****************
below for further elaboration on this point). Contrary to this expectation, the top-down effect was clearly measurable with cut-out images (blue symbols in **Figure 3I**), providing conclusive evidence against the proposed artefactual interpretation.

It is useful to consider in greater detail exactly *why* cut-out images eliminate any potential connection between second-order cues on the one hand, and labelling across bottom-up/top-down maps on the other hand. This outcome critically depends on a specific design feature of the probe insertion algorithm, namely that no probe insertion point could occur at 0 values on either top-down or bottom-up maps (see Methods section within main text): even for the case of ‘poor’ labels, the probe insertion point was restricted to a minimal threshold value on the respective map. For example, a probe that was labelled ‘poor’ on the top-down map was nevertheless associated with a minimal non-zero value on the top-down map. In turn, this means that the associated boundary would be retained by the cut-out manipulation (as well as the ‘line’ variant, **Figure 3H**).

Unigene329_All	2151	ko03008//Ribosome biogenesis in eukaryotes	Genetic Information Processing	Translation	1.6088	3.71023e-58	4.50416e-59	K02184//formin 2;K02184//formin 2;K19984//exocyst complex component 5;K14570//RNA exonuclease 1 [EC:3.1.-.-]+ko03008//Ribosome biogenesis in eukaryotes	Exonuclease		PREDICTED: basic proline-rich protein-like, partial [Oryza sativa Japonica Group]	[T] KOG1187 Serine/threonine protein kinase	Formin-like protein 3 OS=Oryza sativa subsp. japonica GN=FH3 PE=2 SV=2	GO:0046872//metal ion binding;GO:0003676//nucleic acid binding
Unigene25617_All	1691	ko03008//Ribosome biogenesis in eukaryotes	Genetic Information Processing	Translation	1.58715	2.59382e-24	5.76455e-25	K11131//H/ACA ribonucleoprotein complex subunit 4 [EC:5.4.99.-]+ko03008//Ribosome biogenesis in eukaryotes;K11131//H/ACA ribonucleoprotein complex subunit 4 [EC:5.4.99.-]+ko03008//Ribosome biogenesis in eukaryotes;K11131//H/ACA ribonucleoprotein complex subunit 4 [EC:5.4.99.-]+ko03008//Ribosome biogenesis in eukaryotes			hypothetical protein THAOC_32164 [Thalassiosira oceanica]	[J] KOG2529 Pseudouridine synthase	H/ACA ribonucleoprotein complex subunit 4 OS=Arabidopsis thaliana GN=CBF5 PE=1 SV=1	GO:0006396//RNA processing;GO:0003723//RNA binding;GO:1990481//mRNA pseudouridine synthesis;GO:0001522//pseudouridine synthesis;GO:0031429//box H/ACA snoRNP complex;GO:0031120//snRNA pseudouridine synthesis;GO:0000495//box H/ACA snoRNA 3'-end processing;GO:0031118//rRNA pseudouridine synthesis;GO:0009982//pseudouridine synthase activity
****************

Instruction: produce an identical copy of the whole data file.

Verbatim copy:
below for further elaboration on this point). Contrary to this expectation, the top-down effect was clearly measurable with cut-out images (blue symbols in **Figure 3I**), providing conclusive evidence against the proposed artefactual interpretation.

It is useful to consider in greater detail exactly *why* cut-out images eliminate any potential connection between second-order cues on the one hand, and labelling across bottom-up/top-down maps on the other hand. This outcome critically depends on a specific design feature of the probe insertion algorithm, namely that no probe insertion point could occur at 0 values on either top-down or bottom-up maps (see Methods section within main text): even for the case of ‘poor’ labels, the probe insertion point was restricted to a minimal threshold value on the respective map. For example, a probe that was labelled ‘poor’ on the top-down map was nevertheless associated with a minimal non-zero value on the top-down map. In turn, this means that the associated boundary would be retained by the cut-out manipulation (as well as the ‘line’ variant, **Figure 3H**).

Unigene329_All	2151	ko03008//Ribosome biogenesis in eukaryotes	Genetic Information Processing	Translation	1.6088	3.71023e-58	4.50416e-59	K02184//formin 2;K02184//formin 2;K19984//exocyst complex component 5;K14570//RNA exonuclease 1 [EC:3.1.-.-]+ko03008//Ribosome biogenesis in eukaryotes	Exonuclease		PREDICTED: basic proline-rich protein-like, partial [Oryza sativa Japonica Group]	[T] KOG1187 Serine/threonine protein kinase	Formin-like protein 3 OS=Oryza sativa subsp. japonica GN=FH3 PE=2 SV=2	GO:0046872//metal ion binding;GO:0003676//nucleic acid binding
Unigene25617_All	1691	ko03008//Ribosome biogenesis in eukaryotes	Genetic Information Processing	Translation	1.58715	2.59382e-24	5.76455e-25	K11131//H/ACA ribonucleoprotein complex subunit 4 [EC:5.4.99.-]+ko03008//Ribosome biogenesis in eukaryotes;K11131//H/ACA ribonucleoprotein complex subunit 4 [EC:5.4.99.-]+ko03008//Ribosome biogenesis in eukaryotes;K11131//H/ACA ribonucleoprotein complex subunit 4 [EC:5.4.99.-]+ko03008//Ribosome biogenesis in eukaryotes			hypothetical protein THAOC_32164 [Thalassiosira oceanica]	[J] KOG2529 Pseudouridine synthase	H/ACA ribonucleoprotein complex subunit 4 OS=Arabidopsis thaliana GN=CBF5 PE=1 SV=1	GO:0006396//RNA processing;GO:0003723//RNA binding;GO:1990481//mRNA pseudouridine synthesis;GO:0001522//pseudouridine synthesis;GO:0031429//box H/ACA snoRNP complex;GO:0031120//snRNA pseudouridine synthesis;GO:0000495//box H/ACA snoRNA 3'-end processing;GO:0031118//rRNA pseudouridine synthesis;GO:0009982//pseudouridine synthase activity